This week we will hear two perspectives on the benefits of pulse ox and the effort to make this non-invasive test a standard screening of newborns. Pulse Ox screening has made it possible to detect CHD in many newborns that would have otherwise gone home undiagnosed. This week’s contributions were provided by Dr. Gerard Martin, a pediatric cardiologist, and Ms. Lisa Wandler, a pediatric nurse, from the Children’s National Heart Institute and Dr. Matt Oster, MD, MPH , a pediatric cardiologist at Sibley Heart Center Cardiology at Children’s Healthcare of Atlanta.
Dr. Gerard Martin, a pediatric cardiologist, and Ms. Lisa Wandler, a pediatric nurse, from the Children’s National Heart Institute discuss with us how pulse oximetry screening works , as well as its benefits and limitations.
Screening infants for Critical Congenital Heart Disease (CCHD) using pulse oximetry is recommended in the United States, but this was not always the case! As of this summer, all 50 states and the District of Columbia will be screening for CCHD. In many countries, this important life-saving screen is not yet standard for every newborn.
How CCHD pulse oximetry screening works:
CCHD screening is simple, painless and takes only a few minutes to perform. It typically takes place around 24 hours after birth either in the newborn nursery or in the mother’s room. A sticker with a special light probe is placed on the baby’s right hand and either foot. The measurement that the light probe takes helps the medical team determine whether the baby may have CCHD and require further assessment and testing.
How it has changed standard screening for newborns:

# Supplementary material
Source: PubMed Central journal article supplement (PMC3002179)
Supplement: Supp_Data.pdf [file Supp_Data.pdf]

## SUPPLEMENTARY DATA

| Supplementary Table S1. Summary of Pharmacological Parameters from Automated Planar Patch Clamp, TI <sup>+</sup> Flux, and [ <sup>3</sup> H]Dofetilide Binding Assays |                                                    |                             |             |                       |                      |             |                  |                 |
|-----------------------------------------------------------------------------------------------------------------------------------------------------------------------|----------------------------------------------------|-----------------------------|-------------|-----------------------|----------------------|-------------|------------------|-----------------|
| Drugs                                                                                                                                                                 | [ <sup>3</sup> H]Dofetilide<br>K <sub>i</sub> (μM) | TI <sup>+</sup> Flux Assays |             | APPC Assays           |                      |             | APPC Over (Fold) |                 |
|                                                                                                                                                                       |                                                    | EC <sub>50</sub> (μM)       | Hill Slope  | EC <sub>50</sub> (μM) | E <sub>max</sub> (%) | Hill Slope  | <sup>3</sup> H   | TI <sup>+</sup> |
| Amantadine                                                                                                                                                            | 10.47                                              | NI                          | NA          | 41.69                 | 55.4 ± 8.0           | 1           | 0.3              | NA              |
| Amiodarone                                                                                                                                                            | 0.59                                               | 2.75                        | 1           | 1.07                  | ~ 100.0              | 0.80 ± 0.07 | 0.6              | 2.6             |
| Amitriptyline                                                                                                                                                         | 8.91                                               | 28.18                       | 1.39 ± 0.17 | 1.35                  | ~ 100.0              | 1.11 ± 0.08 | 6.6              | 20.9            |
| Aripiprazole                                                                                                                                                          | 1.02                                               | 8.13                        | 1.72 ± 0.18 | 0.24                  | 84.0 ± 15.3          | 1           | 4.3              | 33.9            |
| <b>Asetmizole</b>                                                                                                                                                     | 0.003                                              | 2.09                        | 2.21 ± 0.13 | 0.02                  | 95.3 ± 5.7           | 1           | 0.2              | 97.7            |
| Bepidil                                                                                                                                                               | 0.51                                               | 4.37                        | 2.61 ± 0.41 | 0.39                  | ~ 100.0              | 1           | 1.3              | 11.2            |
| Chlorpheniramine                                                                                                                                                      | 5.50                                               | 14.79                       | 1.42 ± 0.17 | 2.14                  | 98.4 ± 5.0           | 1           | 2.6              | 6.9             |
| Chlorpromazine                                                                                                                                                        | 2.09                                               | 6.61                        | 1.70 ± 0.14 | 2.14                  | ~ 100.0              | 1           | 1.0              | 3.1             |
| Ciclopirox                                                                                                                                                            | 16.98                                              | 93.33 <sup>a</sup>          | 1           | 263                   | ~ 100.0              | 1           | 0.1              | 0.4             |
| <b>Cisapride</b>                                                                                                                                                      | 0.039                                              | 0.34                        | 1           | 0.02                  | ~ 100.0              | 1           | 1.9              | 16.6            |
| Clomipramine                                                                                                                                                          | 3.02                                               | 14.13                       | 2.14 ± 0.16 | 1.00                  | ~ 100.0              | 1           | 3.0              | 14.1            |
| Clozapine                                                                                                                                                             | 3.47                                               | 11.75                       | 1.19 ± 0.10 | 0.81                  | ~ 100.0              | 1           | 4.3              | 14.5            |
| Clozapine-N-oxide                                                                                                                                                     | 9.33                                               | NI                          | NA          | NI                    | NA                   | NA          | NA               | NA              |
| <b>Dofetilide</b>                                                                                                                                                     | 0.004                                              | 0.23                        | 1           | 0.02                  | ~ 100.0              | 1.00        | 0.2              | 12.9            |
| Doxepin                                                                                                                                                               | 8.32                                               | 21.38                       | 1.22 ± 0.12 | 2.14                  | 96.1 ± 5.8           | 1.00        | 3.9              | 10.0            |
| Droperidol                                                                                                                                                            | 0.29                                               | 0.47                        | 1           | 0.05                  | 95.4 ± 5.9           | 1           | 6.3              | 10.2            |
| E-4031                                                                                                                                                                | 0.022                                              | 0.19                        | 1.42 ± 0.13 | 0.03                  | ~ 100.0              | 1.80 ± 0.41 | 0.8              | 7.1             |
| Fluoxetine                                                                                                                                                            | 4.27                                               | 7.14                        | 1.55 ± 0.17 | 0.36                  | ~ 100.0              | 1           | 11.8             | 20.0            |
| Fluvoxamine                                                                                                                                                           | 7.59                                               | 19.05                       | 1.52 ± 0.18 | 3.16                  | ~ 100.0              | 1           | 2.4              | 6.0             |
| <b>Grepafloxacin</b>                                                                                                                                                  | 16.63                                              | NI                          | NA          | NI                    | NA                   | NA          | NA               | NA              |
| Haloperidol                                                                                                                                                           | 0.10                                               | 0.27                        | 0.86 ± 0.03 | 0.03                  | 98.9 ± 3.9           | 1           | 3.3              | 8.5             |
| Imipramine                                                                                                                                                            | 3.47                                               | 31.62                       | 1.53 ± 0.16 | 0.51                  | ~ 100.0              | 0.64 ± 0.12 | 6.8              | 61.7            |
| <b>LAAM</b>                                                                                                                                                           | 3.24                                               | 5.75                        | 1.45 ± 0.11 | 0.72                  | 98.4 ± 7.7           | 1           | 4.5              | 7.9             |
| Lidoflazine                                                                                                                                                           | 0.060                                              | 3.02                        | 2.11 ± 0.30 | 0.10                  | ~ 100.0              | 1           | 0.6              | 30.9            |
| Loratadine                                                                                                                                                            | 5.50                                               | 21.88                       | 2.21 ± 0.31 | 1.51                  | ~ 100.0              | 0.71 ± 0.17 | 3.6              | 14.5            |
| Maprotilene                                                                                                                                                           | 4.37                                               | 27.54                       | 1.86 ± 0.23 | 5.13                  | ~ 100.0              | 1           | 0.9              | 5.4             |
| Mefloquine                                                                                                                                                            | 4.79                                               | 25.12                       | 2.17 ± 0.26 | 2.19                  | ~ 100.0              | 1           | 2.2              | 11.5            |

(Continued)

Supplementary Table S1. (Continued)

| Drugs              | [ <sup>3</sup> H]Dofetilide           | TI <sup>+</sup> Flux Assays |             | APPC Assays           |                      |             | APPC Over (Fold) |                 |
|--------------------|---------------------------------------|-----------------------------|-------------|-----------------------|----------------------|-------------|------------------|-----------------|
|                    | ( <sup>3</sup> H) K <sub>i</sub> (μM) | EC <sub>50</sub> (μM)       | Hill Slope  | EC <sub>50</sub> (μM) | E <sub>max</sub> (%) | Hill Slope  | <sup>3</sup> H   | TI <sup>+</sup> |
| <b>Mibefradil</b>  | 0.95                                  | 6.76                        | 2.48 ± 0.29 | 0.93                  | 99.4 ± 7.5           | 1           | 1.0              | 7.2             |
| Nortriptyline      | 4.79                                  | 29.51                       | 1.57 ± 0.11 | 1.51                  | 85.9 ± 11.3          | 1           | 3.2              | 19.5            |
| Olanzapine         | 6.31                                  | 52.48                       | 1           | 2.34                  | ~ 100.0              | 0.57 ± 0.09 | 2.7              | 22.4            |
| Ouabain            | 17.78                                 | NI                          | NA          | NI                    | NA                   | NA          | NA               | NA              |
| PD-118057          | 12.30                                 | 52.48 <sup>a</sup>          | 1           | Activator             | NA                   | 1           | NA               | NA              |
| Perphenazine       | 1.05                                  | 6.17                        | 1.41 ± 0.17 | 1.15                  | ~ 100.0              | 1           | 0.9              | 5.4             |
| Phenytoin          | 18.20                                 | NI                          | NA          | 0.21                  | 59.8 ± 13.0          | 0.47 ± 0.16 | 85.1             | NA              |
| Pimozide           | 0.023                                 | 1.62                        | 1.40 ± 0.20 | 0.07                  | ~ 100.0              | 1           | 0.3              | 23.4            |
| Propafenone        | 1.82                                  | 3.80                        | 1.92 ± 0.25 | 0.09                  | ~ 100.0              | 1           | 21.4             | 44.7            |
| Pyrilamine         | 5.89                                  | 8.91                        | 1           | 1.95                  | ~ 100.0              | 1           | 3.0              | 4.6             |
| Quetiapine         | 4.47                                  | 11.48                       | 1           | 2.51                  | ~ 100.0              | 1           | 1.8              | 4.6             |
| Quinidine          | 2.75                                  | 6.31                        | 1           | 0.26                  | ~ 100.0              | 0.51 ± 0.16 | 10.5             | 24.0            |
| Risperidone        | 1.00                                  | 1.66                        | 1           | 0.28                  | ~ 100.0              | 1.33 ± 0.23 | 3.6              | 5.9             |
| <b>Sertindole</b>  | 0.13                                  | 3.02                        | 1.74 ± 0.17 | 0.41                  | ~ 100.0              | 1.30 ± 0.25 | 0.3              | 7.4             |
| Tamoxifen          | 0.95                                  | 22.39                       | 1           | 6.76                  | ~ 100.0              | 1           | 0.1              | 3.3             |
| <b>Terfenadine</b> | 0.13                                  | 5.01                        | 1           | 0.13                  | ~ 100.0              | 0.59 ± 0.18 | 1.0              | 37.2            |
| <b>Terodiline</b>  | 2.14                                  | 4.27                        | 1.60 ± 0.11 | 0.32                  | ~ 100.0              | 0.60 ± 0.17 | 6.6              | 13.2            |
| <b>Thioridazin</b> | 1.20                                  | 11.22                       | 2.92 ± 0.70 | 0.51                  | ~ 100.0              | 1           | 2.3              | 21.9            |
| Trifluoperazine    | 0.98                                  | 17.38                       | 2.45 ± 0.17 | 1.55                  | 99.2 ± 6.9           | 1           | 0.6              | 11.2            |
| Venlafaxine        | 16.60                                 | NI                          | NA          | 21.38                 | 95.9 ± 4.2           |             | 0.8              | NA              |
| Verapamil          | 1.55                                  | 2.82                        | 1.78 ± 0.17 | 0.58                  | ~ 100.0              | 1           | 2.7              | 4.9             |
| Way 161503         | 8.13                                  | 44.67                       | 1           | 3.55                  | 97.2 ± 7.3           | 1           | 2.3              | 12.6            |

Prior to the implementation of CCHD screening, as many as 50% of infants with CCHD were being discharged from the hospital without anyone knowing of their heart problem. Without CCHD screening using pulse oximetry, routine newborn screening could help identify hearing and other rare but serious conditions in babies just after birth but not heart defects.
Benefits/importance of screening:
An undetected heart problem in a baby can lead to severe health problems for the baby and even death. This newborn screen has helped to decrease the number of babies lost to undiagnosed heart defects and saved many lives. The CDC continues to investigate the impact CCHD screening has had in the U.S., but an early estimate is that the number of deaths due to CCHD has gone down by 33% in states requiring this important newborn screen.
Limitations of screening using pulse oximetry:
Screening improves the detection of CCHD, however, not all types of CCHD are able to be detected using this screening method. It remains important to follow the instructions of a baby’s pediatrician and other doctors as newborn assessment and pre-natal ultrasound remain important other ways CCHD can be identified.
Early symptoms of CCHD can include rapid breathing, difficulty feeding and bluish skin. If your baby has these symptoms, tell the baby’s doctor.
The Critical Congenital Heart Disease Screening Program at Children’s National Heart Institute is composed of Dr. Gerard Martin, a pediatric cardiologist and Ms. Lisa Wandler, a pediatric nurse. The team at Children’s National has worked on implementation, education and CCHD screening advocacy for over ten years and has provided guidance at the local, state and international levels to those interested in CCHD screening using pulse oximetry. The team can be contacted at email@example.com